The legacy of PiS’s most controversial policy

Polish Prime Minister Mateusz Morawiecki visits the Ulma Family Museum of Poles Who Saved Jews in WWII, in Markowa, Poland, Friday, Feb. 2, 2018. Poland and Israel are locked in a bitter dispute over Poland's new legislation that is to regulate Holocaust speech. (AP Photo/Alik Keplicz)
By John Cody
7 Min Read

Of all the alleged excesses of Poland’s “far right” government, the Law and Justice (PiS) party may be most remembered for having banned abortion. 

This is not, however, an entirely political issue. Poland has shown itself particularly sensitive to a wider shift on the issue of abortion that is happening in the West and has long demonstrated exceptional solidarity with silenced voices that speak for the national struggle.

The Ulma family — shot in 1944 for sheltering Jews during the Holocaust — has recently been beatified, including their youngest, unborn child. Not everyone in Poland is happy, especially the recognition of an unborn child as a saint.

“Should the Ulma be commemorated? Yes, of course. Should they be commemorated now? Absolutely not,” railed Polish historian Jan Grabowski in a Facebook post. “In the present context of militant nationalism, the ultimate sacrifice of the Ulma family is cynically used by people of bad will to distort the history of the Holocaust.”

Members of a foundation supporting Poles who saved Jews from the Holocaust honor resistance emissary Jan Karski, who informed Western leaders about the mass killing of Jews by Nazi Germans, during the national day of remembrance of Poles who risked their lives to save Jews, in Warsaw, Poland, on Friday, March 24, 2023. (AP Photo/Czarek Sokolowski)

However, the acknowledgment of an un-baptized martyr is an extraordinary event that goes far beyond the scope of the Holocaust. It is a challenge to the strange inhumanity of the era of Human Rights we enjoy today. 

To contextualize the modern relevance of the unborn Ulma child, it is worth referencing the strange case of an English nurse Lucy Letby, who has just been convicted of murdering seven neo-natal babies in her care. As the Letby case illustrates, the beatification of the Ulmas relates to the modern, ongoing, crisis in which we disregard human life to this day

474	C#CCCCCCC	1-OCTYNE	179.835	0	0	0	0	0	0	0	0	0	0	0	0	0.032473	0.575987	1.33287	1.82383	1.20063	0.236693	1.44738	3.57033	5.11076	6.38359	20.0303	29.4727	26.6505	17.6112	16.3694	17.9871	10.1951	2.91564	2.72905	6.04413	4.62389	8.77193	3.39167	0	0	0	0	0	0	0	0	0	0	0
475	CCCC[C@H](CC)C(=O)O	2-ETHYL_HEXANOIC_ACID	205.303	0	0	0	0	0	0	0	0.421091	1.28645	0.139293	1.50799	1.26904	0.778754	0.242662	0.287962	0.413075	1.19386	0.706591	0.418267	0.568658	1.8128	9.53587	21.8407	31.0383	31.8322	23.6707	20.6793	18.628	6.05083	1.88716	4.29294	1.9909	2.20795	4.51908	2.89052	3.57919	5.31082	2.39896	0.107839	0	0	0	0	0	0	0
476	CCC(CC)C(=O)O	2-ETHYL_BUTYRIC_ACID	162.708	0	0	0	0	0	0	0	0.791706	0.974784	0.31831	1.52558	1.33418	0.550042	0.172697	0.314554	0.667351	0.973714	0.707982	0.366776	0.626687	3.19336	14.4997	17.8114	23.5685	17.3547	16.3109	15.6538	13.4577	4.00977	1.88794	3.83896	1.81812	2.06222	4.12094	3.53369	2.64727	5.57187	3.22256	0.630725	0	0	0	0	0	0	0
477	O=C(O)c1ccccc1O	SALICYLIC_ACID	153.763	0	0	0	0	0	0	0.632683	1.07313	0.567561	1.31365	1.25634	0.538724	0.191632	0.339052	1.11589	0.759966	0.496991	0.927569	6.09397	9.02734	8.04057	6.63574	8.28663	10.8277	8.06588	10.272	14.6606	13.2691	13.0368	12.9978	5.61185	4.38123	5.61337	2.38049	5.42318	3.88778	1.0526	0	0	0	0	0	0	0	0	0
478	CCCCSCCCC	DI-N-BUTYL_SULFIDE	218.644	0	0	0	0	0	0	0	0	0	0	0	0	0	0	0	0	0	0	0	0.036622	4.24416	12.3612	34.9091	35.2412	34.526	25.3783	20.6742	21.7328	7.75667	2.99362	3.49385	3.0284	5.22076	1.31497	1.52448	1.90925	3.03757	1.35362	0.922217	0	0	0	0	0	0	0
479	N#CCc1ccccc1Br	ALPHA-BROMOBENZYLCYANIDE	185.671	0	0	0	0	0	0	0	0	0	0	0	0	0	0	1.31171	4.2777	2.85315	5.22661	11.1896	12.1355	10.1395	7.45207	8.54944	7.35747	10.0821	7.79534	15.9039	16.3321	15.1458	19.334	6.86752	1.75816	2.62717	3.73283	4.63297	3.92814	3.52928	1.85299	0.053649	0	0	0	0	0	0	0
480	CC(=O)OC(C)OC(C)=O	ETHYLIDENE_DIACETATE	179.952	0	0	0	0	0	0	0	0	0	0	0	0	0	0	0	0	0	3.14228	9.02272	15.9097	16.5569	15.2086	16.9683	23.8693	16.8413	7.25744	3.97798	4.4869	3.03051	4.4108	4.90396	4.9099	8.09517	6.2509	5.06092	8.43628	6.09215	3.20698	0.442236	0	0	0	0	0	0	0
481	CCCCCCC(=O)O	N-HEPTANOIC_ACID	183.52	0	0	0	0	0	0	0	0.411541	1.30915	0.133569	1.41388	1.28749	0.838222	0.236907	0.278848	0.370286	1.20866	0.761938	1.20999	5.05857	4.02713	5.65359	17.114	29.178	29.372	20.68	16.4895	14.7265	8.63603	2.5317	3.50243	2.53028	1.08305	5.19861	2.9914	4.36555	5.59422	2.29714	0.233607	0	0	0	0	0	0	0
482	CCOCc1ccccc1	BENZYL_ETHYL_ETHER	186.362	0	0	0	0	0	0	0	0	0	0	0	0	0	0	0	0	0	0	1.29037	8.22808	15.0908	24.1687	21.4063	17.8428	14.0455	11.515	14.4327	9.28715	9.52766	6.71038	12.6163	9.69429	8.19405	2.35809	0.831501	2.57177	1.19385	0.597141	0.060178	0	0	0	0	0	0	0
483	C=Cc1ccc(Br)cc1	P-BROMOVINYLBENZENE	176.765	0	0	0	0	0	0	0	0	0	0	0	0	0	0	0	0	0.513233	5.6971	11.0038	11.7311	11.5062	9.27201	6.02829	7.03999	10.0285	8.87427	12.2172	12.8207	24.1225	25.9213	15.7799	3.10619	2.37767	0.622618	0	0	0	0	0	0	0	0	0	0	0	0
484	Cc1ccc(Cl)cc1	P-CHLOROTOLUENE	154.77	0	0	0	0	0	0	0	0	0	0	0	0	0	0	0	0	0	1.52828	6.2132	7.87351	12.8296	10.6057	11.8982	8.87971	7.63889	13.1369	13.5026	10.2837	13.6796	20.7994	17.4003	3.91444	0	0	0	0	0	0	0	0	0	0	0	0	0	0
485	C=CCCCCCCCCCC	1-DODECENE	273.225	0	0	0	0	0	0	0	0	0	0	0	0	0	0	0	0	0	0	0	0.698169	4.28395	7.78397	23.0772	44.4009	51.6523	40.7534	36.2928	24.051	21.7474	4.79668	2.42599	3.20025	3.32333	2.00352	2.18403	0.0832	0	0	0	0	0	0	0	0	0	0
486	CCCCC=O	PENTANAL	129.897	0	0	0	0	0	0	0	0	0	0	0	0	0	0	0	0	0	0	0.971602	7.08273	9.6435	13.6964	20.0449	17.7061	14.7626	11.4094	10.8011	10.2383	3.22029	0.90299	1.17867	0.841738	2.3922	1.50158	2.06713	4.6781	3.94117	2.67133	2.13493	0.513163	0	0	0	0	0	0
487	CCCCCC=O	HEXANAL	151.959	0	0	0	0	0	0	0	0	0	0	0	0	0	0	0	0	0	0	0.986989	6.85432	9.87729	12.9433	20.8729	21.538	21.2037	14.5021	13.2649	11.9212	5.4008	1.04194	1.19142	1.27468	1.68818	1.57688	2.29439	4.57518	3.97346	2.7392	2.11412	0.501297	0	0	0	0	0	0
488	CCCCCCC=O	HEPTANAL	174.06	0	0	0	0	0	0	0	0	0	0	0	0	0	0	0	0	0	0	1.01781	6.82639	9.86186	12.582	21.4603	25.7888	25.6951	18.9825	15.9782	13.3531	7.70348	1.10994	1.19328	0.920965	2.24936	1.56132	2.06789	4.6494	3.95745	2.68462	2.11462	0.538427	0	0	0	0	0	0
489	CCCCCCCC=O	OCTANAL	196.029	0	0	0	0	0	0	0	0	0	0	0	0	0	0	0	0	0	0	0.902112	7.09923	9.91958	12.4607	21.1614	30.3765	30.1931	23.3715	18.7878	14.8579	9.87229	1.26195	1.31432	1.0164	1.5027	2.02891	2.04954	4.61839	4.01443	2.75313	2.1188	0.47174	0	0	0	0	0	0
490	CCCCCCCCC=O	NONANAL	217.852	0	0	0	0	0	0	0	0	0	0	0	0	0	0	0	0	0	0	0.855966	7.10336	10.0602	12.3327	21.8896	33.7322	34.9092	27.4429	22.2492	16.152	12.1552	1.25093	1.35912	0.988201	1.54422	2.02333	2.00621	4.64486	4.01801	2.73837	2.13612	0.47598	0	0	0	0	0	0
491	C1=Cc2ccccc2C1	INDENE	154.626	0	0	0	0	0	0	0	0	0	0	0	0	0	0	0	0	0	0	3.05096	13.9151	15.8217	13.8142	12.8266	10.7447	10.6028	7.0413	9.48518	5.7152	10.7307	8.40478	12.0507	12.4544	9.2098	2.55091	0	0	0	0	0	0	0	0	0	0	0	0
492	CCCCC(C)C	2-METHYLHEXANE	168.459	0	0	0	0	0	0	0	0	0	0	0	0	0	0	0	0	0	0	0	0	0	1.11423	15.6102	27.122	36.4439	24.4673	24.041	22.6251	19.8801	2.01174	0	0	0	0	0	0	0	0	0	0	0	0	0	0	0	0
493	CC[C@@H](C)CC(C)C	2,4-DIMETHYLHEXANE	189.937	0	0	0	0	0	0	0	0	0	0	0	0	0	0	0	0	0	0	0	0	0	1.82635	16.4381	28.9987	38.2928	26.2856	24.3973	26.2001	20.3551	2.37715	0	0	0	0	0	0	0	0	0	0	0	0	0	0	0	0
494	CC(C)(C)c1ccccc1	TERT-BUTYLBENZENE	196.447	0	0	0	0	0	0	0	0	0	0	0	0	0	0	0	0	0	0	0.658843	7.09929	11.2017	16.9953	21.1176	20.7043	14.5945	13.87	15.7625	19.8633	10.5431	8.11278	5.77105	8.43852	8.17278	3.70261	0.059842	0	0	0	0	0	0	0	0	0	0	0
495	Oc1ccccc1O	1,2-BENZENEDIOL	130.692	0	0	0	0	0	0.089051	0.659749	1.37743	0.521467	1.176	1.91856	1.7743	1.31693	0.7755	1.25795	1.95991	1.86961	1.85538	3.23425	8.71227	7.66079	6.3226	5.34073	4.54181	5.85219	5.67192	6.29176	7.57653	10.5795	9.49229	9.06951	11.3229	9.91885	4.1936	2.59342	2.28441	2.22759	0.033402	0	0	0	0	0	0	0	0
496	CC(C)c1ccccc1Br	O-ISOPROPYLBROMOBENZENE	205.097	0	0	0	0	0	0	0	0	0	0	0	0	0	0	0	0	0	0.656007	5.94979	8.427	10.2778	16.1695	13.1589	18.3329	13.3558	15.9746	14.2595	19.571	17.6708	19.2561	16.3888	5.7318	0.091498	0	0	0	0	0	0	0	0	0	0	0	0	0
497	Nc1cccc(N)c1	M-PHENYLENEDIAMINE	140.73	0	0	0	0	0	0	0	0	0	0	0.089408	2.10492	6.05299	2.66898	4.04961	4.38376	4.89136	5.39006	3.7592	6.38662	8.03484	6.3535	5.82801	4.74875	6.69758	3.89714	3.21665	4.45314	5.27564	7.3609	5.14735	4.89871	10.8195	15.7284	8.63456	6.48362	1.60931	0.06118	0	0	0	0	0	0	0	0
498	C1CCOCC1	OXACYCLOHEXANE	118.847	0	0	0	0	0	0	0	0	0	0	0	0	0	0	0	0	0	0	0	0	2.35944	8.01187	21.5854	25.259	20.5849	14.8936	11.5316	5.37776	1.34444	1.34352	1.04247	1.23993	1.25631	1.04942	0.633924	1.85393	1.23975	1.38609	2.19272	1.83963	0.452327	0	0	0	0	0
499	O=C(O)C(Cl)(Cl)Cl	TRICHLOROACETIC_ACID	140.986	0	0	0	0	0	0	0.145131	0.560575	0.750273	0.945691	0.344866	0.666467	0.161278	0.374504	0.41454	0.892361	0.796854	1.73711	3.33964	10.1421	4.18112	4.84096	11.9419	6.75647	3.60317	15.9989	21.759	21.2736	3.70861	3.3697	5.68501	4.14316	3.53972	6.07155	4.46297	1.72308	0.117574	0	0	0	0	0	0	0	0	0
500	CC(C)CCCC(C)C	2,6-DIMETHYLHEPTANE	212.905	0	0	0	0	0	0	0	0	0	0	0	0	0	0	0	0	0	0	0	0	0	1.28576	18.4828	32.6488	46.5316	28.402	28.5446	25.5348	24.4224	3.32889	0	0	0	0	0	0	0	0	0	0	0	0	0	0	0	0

Our self-conflicted society scours a vast and growing lexicon of pathologies to explain the behavior of mass murderers such as Letby, and yet in her case, it comes up blank. She was apparently a normal girl; the type of health worker everyone applauded for good work during the pandemic. Yet, despite the outrage over the murdered babies in the nurse’s care, in the same hospital, nurses were being paid to kill unborn children.

Society has a natural revulsion towards the murder of babies, yet many of these neo-natal babies in Letby’s ward could have just as well been aborted and their erasure would have been met with silence. So, before we add “Letby Syndrome” to the list of mental health illnesses, maybe we’re looking for the wrong type of explanation for her behavior. Maybe, in many ways, her behavior was celebrated, and in her view, it was only a minor distinction that the children were born or in the womb.

A crowd attending a Mass in which the Vatican beatified the Polish Ulma family, including small children, who were killed by the Nazis in 1944 for having sheltered Jews. (AP Photo)

Socialized healthcare workers must know their penicillin from their abortifacients, but in the process, they deploy medicine that saves lives along with medicine that destroys lives. How many people now inhabit that liminal space between society’s stated and actual values, showing care for the world departed while ignoring or operating with simple pragmatism towards the world that may come. How many life-savers in the medical profession must comply with the disposal of the helpless and the voiceless, all in the name of upholding liberty and human rights?

The Polish politicians are ultimately outraged over the beatification of an unborn child are outraged that an unborn child has been given a voice.

You hardly have to take a stance on the morality of abortion to see the conundrum here: Surely, many people in that structure operate under the huge pressure of cognitive dissonance. Mutually exclusive values may coexist in a society and in an institution, but they can’t happily converge in an individual person.

Poland’s Ulma family photographed before their death. Source: IPN/Mateusz Szpytma.

To the dismay of Grabowski and many others, the Ulma’s sacrifice has been tied up with aspects of Poland’s political life. Already recognized as “Righteous Among the Nations” by the Yad Vashem institute, the date of the Ulma’s murder is now designated as the Remembrance Day for the Poles who rescued Jews under German occupation, of whom there are about 6,000. Polish

President Andrzej Duda, party leader Jaroslaw Kaczynski, and Prime Minister Mateusz Morawiecki were present in the Ulma’s village of Markowa for the beatification ceremony. But, although often invoked in the same breath as the Żegota program of the Polish Underground State, the Ulmas were in fact acting in a completely non-political, Christian, capacity. In this capacity, the beatified Ulmas are therefore iconic of an entire social effort to re-instate the dignity of life, as demonstrated by Poland’s anti-abortion law. 

The trouble is that the values of the Polish nation align so closely with the preservation of the helpless and voiceless, that it is too easy for nay-sayers to supply bad political intentions to the Ulma’s veneration.

Perhaps Poland’s true will to preserve the helpless and voiceless will become clearer now that Kaczynski, Morawiecki and PiS’s pro-life agenda must fight in the opposition. 

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